The Markets This Week

by Connor Darrell, Head of Investments
Last week brought with it a slew of positive new developments, both economically and geo-politically. Q1 GDP growth exceeded estimates, corporate earnings continued their positive momentum, and small steps were taken toward officially declaring an end to the Korean War (at long last). Despite all of the good news however, both equities (as measured by the S&P 500) and bonds (as measured by the Bloomberg Barclays US Agg) finished flat for the week. Bond markets have faced headwinds all year from increasing interest rates, but we continue to emphasize that rising interest rates do not necessarily mean doom and gloom for bond investors. While shifting interest rates will cause some volatility in bond prices, investors who plan to continue holding bonds until maturity will not be harmed by the interim price movements, and those who hold shorter term bonds in their portfolios will be well positioned to reinvest as rates creep higher. Additionally, rising interest rates will be welcomed by savers and those who are looking to cash as a respite from volatile equity markets.  There are winners and losers under every scenario.

We are presently in the midst of one of the strongest earnings seasons in recent memory, but the stock market has barely budged. The lack of movement suggests that most of what we are seeing was already reflected in stock prices, and that the market is beginning to acknowledge that 2017’s huge gains left us with a much shorter climb for 2018 and beyond. Put simply, the forward outlook is quite a bit different than it was just 6-12 months ago.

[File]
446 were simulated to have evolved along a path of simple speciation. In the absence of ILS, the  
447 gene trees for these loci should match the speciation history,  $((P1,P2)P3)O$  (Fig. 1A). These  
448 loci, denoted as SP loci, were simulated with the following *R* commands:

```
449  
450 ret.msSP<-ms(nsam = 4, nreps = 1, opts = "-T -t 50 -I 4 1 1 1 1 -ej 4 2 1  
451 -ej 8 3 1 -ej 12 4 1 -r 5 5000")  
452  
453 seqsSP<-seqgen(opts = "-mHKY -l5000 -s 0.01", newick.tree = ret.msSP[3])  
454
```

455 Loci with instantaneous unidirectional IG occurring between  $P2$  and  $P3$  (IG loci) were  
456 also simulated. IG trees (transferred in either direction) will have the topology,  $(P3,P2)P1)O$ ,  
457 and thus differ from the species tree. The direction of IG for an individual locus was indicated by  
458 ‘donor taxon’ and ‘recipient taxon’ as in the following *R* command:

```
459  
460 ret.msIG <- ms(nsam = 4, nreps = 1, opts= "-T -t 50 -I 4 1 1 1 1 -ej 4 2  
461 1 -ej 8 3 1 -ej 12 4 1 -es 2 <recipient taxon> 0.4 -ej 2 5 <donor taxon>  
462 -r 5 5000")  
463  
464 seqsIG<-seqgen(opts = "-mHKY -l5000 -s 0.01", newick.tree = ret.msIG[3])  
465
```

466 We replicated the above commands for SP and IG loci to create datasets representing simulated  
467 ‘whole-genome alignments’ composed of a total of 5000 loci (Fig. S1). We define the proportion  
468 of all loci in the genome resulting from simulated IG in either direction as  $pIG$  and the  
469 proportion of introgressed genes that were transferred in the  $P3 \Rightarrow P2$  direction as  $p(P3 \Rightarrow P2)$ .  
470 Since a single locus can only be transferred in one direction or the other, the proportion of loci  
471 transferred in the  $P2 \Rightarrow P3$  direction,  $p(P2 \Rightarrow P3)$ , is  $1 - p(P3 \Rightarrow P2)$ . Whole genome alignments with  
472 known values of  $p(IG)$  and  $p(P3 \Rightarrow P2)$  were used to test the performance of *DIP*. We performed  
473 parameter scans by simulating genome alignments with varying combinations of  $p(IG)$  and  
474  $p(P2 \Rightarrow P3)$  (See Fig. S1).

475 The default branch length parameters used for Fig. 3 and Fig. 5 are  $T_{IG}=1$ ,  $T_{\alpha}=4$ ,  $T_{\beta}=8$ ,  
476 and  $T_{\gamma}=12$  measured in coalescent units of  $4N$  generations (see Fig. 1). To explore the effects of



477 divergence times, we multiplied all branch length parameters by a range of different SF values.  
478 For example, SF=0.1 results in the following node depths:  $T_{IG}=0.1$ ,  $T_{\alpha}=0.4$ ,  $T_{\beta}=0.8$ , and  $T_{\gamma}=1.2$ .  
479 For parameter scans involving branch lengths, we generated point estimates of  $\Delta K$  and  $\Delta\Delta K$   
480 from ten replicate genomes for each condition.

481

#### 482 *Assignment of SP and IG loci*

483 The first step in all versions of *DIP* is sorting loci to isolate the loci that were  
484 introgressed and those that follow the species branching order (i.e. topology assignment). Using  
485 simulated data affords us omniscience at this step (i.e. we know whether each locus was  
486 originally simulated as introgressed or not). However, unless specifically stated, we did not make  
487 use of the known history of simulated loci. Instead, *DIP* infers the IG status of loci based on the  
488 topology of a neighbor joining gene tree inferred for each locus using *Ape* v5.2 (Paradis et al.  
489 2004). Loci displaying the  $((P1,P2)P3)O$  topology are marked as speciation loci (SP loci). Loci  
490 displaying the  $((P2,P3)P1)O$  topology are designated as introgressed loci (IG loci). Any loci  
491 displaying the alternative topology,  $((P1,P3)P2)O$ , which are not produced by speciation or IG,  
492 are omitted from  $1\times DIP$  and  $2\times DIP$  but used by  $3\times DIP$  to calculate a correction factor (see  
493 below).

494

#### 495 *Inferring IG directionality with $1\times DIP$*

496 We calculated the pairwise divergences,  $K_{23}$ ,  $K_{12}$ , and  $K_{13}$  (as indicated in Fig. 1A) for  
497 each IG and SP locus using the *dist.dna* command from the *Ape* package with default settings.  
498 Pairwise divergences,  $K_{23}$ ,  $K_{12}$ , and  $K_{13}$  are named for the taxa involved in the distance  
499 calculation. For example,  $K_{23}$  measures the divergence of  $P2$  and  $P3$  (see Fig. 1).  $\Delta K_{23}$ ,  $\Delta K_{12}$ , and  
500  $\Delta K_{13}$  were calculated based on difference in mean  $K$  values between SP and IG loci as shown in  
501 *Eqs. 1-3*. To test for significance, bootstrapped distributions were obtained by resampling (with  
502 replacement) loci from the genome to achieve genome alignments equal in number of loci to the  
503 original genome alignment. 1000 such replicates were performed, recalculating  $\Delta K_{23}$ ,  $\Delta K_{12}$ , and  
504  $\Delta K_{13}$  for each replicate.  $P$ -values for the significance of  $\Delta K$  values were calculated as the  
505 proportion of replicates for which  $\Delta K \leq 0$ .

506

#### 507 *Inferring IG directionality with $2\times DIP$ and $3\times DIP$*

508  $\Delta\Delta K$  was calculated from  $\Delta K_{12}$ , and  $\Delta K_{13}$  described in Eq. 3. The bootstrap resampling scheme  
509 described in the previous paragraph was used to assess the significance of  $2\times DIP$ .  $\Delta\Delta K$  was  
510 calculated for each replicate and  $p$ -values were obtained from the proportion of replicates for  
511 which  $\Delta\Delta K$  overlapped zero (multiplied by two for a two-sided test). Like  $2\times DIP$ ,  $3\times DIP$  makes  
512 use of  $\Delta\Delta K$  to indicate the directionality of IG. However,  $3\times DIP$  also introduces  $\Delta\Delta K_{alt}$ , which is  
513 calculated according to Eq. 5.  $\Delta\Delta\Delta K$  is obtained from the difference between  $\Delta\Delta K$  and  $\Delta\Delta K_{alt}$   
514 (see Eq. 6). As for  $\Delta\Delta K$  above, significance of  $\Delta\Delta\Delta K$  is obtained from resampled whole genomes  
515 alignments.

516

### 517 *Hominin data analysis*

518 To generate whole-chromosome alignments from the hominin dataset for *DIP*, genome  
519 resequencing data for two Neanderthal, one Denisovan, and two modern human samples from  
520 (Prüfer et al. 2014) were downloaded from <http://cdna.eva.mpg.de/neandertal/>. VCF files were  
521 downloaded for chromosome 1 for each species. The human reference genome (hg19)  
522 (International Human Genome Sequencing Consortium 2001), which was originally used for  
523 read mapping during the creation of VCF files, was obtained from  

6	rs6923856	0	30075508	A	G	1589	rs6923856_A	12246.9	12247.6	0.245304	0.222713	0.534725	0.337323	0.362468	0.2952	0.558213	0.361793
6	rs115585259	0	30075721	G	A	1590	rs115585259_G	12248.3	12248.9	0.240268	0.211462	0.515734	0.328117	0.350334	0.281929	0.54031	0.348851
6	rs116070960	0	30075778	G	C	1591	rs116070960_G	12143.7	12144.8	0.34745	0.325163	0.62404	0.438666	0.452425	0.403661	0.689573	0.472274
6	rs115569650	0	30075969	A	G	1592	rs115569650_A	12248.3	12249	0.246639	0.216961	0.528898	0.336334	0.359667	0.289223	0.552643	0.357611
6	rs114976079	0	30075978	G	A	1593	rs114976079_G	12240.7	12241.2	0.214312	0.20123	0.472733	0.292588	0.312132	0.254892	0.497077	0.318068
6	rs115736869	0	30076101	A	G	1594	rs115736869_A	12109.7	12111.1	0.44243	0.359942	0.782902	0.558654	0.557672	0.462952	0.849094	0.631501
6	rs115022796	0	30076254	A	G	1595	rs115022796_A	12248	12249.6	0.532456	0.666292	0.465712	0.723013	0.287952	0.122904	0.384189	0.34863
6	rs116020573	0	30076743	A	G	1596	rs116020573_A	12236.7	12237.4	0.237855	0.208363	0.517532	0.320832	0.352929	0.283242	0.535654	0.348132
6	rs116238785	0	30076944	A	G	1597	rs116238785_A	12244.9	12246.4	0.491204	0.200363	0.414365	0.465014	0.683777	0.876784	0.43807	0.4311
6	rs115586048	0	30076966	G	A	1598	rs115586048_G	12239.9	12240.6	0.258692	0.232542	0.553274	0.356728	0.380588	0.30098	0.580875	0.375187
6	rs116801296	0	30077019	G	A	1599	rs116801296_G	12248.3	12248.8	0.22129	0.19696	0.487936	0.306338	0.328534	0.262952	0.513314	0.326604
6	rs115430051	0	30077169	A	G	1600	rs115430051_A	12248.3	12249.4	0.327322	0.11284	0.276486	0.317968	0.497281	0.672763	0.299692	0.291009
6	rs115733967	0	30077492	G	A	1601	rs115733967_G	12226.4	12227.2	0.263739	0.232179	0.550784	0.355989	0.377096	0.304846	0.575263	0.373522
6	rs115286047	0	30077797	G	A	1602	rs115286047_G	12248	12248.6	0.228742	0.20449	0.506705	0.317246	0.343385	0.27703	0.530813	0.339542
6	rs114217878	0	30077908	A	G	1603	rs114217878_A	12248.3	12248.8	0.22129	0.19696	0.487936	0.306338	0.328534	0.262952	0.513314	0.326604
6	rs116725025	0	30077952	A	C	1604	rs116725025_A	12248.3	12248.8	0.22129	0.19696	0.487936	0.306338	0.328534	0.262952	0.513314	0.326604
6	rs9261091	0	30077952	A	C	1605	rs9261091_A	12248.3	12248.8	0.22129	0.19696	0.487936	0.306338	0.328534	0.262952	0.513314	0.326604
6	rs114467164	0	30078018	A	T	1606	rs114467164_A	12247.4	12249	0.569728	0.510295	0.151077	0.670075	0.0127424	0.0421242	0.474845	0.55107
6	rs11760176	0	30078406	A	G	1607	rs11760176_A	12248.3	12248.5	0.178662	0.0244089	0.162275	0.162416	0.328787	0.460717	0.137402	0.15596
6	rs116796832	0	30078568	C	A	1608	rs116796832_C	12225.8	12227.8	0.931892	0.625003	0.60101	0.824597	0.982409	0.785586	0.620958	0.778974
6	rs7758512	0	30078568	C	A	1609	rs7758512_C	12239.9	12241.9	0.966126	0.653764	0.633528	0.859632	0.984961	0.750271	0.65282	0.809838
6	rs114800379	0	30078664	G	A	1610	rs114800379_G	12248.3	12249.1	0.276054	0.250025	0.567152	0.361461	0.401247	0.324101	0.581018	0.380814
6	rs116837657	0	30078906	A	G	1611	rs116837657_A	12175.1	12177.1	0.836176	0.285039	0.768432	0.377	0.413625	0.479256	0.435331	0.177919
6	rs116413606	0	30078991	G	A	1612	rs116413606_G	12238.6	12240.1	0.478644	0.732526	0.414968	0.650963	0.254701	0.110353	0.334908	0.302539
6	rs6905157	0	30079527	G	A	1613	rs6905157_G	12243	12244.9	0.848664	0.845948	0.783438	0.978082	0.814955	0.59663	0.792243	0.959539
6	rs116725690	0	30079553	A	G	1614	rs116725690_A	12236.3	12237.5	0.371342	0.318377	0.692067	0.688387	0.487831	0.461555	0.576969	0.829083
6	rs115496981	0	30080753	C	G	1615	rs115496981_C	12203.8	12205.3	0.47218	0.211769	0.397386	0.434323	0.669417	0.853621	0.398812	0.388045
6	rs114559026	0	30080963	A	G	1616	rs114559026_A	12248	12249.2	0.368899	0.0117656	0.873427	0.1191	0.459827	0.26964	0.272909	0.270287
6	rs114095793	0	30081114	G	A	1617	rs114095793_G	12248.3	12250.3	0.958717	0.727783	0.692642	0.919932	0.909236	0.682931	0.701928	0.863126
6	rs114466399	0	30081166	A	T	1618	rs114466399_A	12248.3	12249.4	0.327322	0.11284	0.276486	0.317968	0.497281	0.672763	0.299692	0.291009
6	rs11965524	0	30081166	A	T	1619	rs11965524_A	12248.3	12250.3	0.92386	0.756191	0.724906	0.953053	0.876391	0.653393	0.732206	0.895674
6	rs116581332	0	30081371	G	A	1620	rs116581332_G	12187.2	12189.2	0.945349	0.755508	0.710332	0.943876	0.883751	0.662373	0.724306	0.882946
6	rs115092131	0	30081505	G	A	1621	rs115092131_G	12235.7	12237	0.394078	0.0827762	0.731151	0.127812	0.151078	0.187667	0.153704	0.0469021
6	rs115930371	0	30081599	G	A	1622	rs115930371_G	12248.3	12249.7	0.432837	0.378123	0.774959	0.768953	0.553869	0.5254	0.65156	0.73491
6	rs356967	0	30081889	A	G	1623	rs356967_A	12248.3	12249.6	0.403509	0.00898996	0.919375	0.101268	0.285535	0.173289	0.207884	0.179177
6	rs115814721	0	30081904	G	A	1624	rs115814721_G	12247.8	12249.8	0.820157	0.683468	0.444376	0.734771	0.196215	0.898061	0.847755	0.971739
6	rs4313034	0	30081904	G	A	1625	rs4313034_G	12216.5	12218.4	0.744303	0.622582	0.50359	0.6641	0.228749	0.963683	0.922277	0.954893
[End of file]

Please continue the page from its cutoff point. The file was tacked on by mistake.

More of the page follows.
A Return to “Normal”
2018 is likely to become the year of mean reversion. The Federal Reserve has made it abundantly clear that it intends to begin increasing interest rates at a steadier pace. The term that bankers use is “normalize,” and it really is a fitting term for what is going on in the economy and in the markets. Volatility in the stock market, CDs paying more than 0.5%, and a central bank balance sheet that doesn’t contain trillions of dollars of bonds are all “normal.”

After a decade of abnormal, a return to normal is going to take some getting used to.

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